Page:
Anyone seeking to adopt a child, should not reasonably even take a child for a weekend without making a point of letting the child phone the core family and greet them at sleeping time or waking time. They should have photos with them of the family to establish a feeling of security and an understanding that one link is not being broken to be replaced by another. The household, in a child's mind, includes the pets too. Sizwe took a while to learn the difference between Alsatian-mix Comet and Labrador-mix Benjamin or even that these names did not necessarily mean the same as 'dog' but now they are his best pals and protectors, even though they pretty well meet him at nose height. He has learned to feed them, to recognise the older dog doesn't want to be climbed on and that soft stroking is what they like best. Also not to chase them with the pushchair! He also seems to be learning that pictures of lions and bears are not the same as dogs. In December 2004, promises for Sizwe to visit his future adoptive family did not materialise and another family came forward and said how interested they were in adopting a brother for the two little boys they already have. At first it seemed that one family promising a place for Sizwe at a wonderful school when he was older, and a social circle including the political and business elite of South Africa was more than a burned baby boy could hope for. But really nurturing a child takes so much more than money.
Wherever Sizwe ends up, we want him to be at the centre of his family's world. We don't want him picked up late or picked up by strangers. We want him to not be dumped with nannies, most especially not those who aren't trained in child care and in his medical needs. Paid staff go off-duty but families are on 24 hour call. We want the family to be fully versed in his surgical and other medical needs. To hold his hand as the trolley is wheeled down to the operating theatre, time and time again - just like a real family would. The boy who came to stay for two days and who is here a year later, has found a place in our hearts. He's not a victim, not even just a survivor. He's Sizwe - the Nation in one boy.

Sizwe attends the Mimosa Montessori in Auckland Park pro Deo each morning, but he spends the afternoon at theJohannesburg School for Blind, Low Vision and Multiple Disability Children, also in Auckland Park. Here (September 2005) he's greeting Caitlyn, a pupil at the school who is blind due to a brain tumour.

Pictures Update - May 2004

There is nothing worse than a toddler in pain. First Sizwe had his original injury. Then a callous surgeon let him starve for 20 hours before he cancelled the operation! And then Sizwe got an infection in his malformed hand and it swelled up to twice its normal size. At around 5am on a Sunday, Helen Joseph Hospital refused to assist but fortunately Johannesburg General did help, eventually.



Sizwe Hlope went in for surgery with Dr Roger Nicholson on Tuesday May 4th 2004. It was intended that his left inner elbow contracture would be released and that the fingers on his left hand would be released and realigned. However, on release of the elbow, it was found that there had been a 'growth disturbance'; his left forearm is shorter than his right forearm because of the contracture. With the hand unable to comfortably reach the groin area, it was not advisable to try a groin flap. The alternative is a free flap. This is more risky than a groin flap and will take a whole day in theatre as it requires surgeons to attach blood vessels to blood vessels. The inherent risk is that if the blood clots, the flap dies.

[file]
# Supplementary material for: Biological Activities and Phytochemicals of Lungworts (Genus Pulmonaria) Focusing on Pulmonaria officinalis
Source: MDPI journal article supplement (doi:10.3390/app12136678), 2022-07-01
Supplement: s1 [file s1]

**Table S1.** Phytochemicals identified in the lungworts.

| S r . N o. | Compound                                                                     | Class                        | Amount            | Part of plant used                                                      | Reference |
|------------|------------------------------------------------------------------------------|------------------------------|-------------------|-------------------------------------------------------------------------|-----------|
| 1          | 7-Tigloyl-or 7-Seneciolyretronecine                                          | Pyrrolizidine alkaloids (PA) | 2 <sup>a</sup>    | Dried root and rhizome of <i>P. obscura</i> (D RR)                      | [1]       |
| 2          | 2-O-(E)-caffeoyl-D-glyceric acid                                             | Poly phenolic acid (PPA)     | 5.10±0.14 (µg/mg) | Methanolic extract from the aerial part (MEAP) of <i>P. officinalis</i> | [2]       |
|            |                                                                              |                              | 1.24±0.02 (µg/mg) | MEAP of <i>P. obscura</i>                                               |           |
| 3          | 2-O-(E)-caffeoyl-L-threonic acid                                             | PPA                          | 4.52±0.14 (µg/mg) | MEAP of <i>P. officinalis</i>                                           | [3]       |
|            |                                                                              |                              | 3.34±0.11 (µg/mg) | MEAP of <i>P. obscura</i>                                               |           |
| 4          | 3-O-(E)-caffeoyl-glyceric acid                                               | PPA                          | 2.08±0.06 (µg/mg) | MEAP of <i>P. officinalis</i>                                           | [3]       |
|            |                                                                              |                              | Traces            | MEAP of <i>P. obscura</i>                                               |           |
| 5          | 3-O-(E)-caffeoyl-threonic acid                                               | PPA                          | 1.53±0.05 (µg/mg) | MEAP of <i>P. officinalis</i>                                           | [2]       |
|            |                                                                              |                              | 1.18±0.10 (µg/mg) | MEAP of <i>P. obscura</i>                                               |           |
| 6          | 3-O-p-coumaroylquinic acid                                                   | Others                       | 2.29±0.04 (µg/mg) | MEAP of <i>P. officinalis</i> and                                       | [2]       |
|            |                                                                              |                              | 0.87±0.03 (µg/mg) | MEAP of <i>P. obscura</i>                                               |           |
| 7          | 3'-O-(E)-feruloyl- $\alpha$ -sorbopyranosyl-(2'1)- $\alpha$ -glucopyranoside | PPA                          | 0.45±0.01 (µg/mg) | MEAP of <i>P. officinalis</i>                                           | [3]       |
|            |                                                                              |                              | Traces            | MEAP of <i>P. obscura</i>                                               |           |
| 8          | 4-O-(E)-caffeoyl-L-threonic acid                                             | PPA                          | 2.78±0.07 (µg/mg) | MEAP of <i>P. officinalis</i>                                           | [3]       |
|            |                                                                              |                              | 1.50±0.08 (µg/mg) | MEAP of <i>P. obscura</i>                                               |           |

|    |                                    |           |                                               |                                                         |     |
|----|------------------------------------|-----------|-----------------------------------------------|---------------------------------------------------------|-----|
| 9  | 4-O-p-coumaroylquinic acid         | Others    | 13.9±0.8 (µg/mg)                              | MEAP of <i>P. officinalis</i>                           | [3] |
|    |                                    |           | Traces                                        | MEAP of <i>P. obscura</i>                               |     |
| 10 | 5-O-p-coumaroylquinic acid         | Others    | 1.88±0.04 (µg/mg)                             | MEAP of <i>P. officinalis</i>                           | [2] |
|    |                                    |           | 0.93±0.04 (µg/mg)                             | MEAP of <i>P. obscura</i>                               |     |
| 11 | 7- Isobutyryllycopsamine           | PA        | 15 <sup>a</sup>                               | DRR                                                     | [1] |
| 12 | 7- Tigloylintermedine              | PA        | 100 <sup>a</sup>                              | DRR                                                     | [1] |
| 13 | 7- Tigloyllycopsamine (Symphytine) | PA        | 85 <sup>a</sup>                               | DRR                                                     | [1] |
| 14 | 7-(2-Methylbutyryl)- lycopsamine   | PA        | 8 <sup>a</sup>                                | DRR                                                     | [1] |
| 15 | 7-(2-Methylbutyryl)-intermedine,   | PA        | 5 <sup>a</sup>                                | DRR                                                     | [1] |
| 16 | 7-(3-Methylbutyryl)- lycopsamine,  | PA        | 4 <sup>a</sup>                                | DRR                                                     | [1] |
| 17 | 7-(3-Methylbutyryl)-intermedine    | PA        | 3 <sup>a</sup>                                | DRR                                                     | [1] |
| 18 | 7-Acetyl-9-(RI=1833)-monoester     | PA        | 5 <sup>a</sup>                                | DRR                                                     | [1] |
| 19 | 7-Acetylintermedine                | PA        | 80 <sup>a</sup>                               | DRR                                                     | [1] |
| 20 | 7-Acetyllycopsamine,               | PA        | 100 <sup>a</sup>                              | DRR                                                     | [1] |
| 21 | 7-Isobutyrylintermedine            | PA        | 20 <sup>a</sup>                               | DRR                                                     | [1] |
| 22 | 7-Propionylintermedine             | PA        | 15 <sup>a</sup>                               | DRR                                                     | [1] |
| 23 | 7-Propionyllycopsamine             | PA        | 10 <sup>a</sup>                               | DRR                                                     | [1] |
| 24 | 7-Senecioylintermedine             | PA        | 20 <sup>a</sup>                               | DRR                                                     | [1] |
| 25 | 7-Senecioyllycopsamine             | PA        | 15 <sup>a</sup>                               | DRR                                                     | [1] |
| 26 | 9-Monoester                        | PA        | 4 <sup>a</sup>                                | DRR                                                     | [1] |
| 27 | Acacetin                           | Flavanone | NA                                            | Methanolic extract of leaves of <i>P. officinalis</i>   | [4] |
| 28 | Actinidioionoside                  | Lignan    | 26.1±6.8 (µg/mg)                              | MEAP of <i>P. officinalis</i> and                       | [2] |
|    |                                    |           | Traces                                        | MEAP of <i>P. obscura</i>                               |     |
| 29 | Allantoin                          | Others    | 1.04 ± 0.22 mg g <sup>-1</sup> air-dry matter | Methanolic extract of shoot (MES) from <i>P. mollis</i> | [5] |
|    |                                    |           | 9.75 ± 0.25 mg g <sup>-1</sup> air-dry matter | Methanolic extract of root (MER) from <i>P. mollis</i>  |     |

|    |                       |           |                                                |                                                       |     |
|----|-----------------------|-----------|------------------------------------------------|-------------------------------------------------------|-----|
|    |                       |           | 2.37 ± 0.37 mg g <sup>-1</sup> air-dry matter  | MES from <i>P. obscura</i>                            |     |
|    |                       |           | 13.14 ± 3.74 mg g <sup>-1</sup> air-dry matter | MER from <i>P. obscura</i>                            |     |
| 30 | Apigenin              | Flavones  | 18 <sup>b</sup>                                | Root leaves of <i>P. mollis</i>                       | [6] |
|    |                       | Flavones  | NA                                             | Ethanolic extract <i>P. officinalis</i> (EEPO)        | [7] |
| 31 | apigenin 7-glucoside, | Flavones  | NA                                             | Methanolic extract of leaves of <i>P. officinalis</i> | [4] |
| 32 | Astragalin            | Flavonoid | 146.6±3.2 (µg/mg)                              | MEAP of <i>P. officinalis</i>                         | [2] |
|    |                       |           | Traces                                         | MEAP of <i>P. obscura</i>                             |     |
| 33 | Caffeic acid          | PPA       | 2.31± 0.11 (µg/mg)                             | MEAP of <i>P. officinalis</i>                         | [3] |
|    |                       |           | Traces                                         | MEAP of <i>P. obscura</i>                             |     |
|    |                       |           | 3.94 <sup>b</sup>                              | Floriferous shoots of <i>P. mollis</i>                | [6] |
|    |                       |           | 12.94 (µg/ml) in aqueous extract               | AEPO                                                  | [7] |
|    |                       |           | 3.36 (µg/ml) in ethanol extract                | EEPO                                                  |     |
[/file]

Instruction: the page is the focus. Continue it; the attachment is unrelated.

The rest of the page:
For the next two weeks, Sizwe's arm was splinted with the ten degree extension improvement on the elbow, and then it was re-splinted to further improve straightening. The surgeons arranged further surgery in southern hemisphere Spring 2004. Sizwe's inner elbow looked likely to recontract and so we started splinting there again in December 2004. The pressure garments chafed his skin so much that it bled, but the area healed and he started wearing the glove and upper arm garment again in January 2005. Hand splinting to bend his fingers is good but the index finger needs further surgery. Most of his fingernails are missing on the left hand. When Sizwe is about nine years old we might look at giving him a prosthetic left ear.. But the shape of his existing right ear is so unusual, it is hard to contemplate replicating it. We do not anticipate using tissue expanders on his head.

Photos of Sizwe April 2004



Kissing Charmaine, fellow pupil at the Johannesburg School for Blind, Low Vision and Multiple Disability Children. Walking up St Swithin's Avenue in Auckland Park with Bongani Madlala and Dorah Mokoena in 2004. Checking out Charmaine again in the herb garden at school. In the arms of Tristan before an abortive attempt to get surgery at Milpark Hospital. With his friend 'Short Right' .. Sicelo Maduna. The makings of a marathon runner … or just a conundrum for adults… how can those short legs go so very much faster than mine?! Every door must be opened. Every button must be pushed. Hug the man from Johnson & Johnson in case he can get you artificial skin Integra again. Sit in a café and what's the marmalade for? Well to spread on your drawing paper of course and them to put it on top of your bald head.

Original Site photos

Sizwe was allegedly intentionally burned by his mother. There seems to have been no investigation of this criminal matter by the police. Most of his hair is missing, though he could grow a cool Rastafarian ponytail one day. His left hand and arm were badly burned. His left ear is missing and he sleeps with his eyes partially open because of eyelid contractures. He is said to have up to seven biological siblings; most of them are in foster care. Sizwe in operating theatre 12th May 2008

Sizwe just before surgery at Carstenhof Clinic 12 May 2008

In the operating theatre at Carstenhof Clinic, 12th May 2008

We are still exploring the best options for his future.
Please email firechildren@icon.co.za if you think that you could help.

This material is Copyright © The Dorah Mokoena Charitable Trust and/or Children of Fire , 1998-2020.
Distribution or re-transmission of this material, excluding the Schools' Guide, is expressly forbidden without prior permission of the Trust.
For further information, email firechildren@icon.co.za